Don’t remove limits on donations
Politics in America shouldn’t be about money. It should be about ideas. About public policy. About who best conveys the will of the people.
But big money has gained an increasing foothold in elections for senators, members of Congress and other high offices.
The U.S. Supreme Court’s decision in the 2010 Citizens United case opened the floodgates for super PACs, and now the Supreme Court is considering another decision that could be the second blow in a one-two punch to the gut of those who want to limit the influence of big money.
The court is hearing arguments in McCutcheon vs. the Federal Election Commission, and the justices seem to be leaning toward removing limits on individual campaign donations. These limits have been in force since the 1970s, when they were implemented to discourage political corruption in the aftermath of Watergate.
As it stands, an individual can give as much as $2,600 to each campaign for a limited number of congressional candidates during a two-year election cycle. A Supreme Court decision to overturn this limit could basically remove any cap on such giving.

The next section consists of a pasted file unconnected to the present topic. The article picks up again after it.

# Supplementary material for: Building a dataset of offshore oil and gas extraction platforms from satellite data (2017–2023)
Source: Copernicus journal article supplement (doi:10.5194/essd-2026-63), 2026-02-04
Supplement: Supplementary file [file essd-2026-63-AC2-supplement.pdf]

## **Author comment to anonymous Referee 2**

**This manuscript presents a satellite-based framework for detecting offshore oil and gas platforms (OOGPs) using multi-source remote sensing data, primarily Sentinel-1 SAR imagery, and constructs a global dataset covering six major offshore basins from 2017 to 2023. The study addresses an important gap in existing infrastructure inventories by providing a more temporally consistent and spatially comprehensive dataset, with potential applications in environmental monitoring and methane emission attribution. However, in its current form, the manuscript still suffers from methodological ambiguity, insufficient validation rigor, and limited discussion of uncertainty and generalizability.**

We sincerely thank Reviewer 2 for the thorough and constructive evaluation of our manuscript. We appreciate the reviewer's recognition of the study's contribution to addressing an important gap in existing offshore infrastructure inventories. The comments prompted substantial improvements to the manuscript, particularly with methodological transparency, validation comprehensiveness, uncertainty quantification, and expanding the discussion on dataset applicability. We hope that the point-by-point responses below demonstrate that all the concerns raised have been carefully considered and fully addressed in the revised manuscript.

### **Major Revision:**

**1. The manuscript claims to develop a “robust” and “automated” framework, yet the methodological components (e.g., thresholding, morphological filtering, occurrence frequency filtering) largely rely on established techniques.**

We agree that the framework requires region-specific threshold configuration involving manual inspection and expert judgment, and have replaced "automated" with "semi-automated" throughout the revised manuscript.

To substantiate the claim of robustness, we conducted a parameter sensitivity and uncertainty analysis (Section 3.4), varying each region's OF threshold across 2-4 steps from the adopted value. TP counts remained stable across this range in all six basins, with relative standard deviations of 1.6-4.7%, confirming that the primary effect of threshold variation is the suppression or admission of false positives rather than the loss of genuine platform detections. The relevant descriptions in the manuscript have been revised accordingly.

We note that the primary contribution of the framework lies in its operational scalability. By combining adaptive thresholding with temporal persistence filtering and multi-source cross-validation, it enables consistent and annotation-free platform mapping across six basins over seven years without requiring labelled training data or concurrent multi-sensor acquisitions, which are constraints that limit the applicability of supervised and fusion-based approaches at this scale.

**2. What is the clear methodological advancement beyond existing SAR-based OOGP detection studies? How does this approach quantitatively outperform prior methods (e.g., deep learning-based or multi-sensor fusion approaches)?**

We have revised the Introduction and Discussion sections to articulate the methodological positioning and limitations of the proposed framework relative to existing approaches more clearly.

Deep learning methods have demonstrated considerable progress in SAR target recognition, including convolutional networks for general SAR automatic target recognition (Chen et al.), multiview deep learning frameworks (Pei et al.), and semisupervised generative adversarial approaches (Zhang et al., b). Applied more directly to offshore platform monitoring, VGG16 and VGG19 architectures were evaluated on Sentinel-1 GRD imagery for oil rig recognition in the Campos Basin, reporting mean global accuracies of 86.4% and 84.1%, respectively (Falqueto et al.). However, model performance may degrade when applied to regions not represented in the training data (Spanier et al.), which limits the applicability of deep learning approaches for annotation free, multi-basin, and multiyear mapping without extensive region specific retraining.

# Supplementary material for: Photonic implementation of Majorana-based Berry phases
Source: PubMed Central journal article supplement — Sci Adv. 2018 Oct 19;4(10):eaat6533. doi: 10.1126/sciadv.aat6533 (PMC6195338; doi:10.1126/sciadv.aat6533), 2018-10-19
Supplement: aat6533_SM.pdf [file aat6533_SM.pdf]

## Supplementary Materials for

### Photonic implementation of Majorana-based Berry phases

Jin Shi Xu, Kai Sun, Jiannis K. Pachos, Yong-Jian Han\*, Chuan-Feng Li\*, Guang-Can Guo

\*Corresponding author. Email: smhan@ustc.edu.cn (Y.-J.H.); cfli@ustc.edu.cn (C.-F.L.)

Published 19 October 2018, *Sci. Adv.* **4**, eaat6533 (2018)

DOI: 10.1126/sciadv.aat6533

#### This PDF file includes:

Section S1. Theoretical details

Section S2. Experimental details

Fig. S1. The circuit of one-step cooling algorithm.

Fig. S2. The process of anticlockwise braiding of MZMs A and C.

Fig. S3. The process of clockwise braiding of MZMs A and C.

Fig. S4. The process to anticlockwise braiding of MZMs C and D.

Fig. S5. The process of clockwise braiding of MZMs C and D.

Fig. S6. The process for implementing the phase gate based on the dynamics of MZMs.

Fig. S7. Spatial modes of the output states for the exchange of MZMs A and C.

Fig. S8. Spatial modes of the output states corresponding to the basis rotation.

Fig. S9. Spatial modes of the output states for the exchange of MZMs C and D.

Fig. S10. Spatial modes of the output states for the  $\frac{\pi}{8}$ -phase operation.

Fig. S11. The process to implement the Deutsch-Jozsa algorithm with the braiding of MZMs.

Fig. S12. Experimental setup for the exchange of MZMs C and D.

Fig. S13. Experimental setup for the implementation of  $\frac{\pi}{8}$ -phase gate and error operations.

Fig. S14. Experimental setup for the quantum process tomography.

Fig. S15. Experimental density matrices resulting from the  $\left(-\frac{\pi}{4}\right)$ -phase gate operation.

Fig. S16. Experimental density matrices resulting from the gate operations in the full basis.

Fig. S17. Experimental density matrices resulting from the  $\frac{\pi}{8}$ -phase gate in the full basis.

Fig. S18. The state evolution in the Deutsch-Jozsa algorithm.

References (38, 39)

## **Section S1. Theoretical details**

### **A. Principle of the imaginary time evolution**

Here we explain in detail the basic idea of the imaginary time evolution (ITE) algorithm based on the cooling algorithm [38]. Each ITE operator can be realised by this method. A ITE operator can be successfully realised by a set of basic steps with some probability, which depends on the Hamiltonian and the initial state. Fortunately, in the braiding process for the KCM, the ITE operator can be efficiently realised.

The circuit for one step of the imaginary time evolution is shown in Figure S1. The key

If that happens, one billionaire could basically finance the entire campaign of a candidate. It’s dangerous when members of Congress are beholden to only a few people rather than the will of the general public.
A group of Democratic congressmen, led by Maryland’s John Sarbanes, has introduced a different concept that would reward candidates for seeking small donations from the multitudes.
The Grassroots Democracy Act, introduced this year in the House, would match every individual campaign donation of $100 or less, with public funds, dollar for dollar. The act would also give each voter a $50 tax credit to be used for donations to campaigns of candidates of the voter’s choice.